There was nothing wrong with it, and that would have been a perfectly acceptable solution. Now the next thing I needed to do is write a selector that changed the color of the main navigation links. Now here when I look at the styling hooks I had available to me there, if I go up to this particular nav, I can see that again I has an id of main nav. Then we have an unordered list and the links are all inside list items. There really isn't a lot there other than this id to filter that particular list. So when I go back to my main.css, I can see that exactly what I used.
I used the a:hover pseudo-class, but I used the descendent selector to target that only when those links are found within the main nav region. You may have done something very similar to that. Otherwise, it would have targeted every single link on the page. Now if I scroll down a little bit further, I was tasked to write a selector that targets the search input text box. Now there are a lot of different ways that you could have done this one, and chances are you may not have ended up with the same solution that I did. I used an attribute selector because one of the things I noticed about that particular search field-- let me scroll down and show you what I mean-- is that the input type is equal to search.
Now if I go to the contact page and I were to look through all these form elements, there is not a single one of those form elements who has a type of anything other than URL, email, text, that sort of thing. No searches. So I'm very safe here to use an attribute selector that basically says hey, anytime you find an input that has a type of search, I want you to make this wide, because it's the only search field in the entire site. Again, you could have done that a different way using a certain type of descendent selector.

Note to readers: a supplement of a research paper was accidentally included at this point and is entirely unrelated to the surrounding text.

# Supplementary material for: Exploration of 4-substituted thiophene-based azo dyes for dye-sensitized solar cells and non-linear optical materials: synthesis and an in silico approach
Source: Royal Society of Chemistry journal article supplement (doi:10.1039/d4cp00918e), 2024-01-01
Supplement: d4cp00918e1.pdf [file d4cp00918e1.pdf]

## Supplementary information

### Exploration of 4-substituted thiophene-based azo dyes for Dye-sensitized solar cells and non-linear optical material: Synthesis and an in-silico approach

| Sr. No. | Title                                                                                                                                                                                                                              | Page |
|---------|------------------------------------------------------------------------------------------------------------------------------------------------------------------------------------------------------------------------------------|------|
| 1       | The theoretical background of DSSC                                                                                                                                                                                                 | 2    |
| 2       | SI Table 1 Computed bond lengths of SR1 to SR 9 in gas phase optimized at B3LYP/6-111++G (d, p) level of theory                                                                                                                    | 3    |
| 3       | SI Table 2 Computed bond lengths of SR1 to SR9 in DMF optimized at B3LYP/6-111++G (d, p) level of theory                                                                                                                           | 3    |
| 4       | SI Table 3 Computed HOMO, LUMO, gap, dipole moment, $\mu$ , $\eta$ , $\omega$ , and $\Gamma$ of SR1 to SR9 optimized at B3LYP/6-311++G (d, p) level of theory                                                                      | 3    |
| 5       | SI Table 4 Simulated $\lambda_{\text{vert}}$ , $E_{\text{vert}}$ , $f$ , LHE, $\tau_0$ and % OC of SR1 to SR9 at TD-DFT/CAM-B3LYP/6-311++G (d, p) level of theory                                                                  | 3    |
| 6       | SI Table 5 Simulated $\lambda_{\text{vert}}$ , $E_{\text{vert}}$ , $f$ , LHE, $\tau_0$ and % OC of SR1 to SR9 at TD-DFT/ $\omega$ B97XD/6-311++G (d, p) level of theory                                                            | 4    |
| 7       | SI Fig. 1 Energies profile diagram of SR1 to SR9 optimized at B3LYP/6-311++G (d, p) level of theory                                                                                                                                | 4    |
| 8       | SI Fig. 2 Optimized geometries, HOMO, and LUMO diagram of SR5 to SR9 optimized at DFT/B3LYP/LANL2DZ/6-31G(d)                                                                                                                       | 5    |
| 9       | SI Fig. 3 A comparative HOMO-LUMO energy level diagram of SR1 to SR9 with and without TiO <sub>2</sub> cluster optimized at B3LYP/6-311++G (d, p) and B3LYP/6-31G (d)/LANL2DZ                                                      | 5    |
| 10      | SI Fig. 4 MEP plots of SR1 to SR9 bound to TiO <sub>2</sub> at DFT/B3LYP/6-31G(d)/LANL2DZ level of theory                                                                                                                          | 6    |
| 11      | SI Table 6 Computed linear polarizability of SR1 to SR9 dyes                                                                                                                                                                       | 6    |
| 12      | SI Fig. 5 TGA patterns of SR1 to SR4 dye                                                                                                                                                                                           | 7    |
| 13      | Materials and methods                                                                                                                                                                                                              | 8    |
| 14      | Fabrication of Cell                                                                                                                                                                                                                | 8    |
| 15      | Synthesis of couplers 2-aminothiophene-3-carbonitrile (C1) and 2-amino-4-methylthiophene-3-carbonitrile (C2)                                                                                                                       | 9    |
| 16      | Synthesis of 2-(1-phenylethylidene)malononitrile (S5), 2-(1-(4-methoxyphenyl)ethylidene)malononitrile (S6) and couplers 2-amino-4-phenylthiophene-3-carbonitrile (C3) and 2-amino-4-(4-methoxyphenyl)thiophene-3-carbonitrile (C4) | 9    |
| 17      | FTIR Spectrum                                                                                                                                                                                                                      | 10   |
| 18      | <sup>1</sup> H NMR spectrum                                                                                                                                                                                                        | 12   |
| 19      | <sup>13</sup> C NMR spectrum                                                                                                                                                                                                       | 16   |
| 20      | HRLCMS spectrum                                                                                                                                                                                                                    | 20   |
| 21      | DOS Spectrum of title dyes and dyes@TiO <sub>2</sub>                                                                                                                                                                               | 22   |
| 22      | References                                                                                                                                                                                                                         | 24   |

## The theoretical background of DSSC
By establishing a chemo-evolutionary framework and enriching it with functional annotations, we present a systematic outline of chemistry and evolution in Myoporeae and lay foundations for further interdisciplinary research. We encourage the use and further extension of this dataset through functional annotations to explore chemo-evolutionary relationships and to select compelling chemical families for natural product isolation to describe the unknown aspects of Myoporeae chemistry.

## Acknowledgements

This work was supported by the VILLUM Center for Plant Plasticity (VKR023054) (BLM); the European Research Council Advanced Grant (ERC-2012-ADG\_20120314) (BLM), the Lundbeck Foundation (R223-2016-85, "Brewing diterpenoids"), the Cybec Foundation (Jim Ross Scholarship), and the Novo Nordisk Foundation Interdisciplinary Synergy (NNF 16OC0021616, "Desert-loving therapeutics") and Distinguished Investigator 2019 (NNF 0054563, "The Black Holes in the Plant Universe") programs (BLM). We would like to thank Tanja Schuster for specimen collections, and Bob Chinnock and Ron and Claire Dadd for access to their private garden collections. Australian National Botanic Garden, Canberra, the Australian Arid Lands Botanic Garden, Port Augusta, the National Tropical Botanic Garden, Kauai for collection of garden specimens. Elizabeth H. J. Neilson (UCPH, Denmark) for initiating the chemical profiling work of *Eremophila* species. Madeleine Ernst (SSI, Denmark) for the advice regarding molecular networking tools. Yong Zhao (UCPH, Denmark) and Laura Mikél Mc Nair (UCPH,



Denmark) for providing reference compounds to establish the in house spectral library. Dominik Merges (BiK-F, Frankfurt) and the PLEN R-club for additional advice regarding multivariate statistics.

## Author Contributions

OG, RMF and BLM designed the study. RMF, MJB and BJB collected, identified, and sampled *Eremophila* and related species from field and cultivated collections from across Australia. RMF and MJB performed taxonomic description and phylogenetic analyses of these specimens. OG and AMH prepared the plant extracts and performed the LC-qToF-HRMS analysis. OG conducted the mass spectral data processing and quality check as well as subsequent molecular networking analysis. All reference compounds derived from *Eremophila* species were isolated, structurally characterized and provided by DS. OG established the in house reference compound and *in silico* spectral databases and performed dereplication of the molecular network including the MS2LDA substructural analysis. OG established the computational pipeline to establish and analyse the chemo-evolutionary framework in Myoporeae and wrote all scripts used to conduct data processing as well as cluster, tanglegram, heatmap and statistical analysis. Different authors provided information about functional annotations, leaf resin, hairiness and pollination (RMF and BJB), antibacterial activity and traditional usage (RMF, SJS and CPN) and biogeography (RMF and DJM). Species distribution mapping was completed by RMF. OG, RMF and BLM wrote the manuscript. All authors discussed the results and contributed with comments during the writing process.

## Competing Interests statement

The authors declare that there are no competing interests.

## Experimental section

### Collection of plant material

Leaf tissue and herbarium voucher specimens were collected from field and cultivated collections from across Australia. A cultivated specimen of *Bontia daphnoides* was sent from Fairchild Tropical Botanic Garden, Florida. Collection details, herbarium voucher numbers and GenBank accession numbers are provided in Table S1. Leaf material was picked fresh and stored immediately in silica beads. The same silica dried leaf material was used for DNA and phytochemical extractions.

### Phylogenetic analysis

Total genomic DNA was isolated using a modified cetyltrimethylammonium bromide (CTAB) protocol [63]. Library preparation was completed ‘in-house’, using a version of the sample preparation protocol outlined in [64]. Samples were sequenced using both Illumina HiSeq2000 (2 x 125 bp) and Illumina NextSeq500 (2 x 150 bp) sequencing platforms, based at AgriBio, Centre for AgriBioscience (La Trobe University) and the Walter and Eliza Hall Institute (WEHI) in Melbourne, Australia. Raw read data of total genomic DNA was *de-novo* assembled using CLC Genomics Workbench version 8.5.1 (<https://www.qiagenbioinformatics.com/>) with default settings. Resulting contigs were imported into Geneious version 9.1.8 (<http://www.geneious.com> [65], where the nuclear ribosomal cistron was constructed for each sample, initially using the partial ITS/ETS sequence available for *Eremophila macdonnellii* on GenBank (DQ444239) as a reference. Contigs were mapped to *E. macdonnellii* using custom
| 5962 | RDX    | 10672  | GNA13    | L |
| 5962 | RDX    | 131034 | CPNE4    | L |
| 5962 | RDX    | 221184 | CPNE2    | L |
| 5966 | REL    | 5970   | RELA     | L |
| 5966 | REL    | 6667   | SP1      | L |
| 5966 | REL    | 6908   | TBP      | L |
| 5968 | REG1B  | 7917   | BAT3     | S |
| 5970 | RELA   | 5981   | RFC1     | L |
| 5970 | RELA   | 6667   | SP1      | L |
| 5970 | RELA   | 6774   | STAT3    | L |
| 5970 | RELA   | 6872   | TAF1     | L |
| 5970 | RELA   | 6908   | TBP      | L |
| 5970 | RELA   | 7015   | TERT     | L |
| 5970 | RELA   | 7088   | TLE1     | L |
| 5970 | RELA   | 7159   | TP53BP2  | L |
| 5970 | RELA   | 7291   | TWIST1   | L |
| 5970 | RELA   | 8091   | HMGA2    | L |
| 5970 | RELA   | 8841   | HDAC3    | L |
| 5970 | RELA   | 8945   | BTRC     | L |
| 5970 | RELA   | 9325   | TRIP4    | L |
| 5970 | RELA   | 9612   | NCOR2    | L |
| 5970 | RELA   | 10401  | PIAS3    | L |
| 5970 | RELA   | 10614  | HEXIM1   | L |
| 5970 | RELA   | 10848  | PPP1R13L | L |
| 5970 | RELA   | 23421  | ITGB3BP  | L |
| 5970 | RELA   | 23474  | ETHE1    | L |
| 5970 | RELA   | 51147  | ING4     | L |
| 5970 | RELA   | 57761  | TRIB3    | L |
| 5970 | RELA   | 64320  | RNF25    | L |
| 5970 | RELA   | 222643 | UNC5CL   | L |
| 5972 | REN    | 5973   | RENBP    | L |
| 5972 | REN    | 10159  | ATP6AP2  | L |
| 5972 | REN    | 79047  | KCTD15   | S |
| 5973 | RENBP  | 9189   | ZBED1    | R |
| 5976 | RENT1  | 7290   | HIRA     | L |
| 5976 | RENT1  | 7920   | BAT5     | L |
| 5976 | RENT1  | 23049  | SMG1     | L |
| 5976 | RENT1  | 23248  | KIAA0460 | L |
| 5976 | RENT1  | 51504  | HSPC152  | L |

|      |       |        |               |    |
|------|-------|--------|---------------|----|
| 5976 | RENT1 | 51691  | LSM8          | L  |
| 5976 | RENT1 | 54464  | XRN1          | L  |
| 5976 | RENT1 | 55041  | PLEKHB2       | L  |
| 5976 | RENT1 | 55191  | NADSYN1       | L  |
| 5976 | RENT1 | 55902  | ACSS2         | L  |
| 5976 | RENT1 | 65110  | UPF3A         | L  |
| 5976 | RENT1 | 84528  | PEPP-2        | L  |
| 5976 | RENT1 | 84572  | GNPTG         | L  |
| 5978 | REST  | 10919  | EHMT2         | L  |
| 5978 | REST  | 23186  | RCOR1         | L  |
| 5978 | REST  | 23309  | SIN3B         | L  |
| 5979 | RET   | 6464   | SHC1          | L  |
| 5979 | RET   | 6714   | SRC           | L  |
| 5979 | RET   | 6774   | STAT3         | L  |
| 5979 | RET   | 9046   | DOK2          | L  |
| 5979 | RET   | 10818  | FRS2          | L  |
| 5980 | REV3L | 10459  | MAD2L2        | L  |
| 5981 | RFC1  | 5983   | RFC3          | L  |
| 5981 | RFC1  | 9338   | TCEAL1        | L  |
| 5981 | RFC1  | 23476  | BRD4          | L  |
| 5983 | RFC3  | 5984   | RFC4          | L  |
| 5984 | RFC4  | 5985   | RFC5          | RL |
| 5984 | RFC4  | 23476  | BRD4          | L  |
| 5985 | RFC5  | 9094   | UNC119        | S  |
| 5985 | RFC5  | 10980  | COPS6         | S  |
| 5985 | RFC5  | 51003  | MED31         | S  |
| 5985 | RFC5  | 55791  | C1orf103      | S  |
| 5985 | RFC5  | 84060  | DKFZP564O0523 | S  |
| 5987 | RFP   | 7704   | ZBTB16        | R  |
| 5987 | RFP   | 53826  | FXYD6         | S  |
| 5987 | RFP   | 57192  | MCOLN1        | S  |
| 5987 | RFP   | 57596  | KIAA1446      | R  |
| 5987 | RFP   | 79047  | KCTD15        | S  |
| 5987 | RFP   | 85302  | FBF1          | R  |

If you did that, that's fine. That was just my solution for it. Then finally I had to write a selector that will add the usage text to the end of the photos gallery. Now I am guessing because of the fact that we have this content property, it's a dead giveaway for you guys that we're probably going to be using either the before and after, and since we wanted it at the end of the photos, the after is the obvious choice. What I'm curious about is how many of you guys tried something different than photos? Now if I go back to this page and I look at this section where my galleries are, I can see that they're in a div with the class of photos.
You could have also targeted the article. That would've been fine, because it would have placed it so directly after the article, which would still have been right before the archives, which are floating on the inside the page. So it'd have shown up probably in exactly the same place. But since this div is the more immediate semantic element that is the photos gallery, that's the one I chose to target. So I did .photos::after and then the selector itself. So those are my solutions. Now, how are yours compare to this? Now if your styles are working properly, then you succeeded, even if our selectors don't match exactly.
Don't get too caught up in that. Just make sure that you take some time to think about why you chose the selectors that you did and to think about whether or not they were the best option available to you, because as always, as an author of CSS, that's your goal.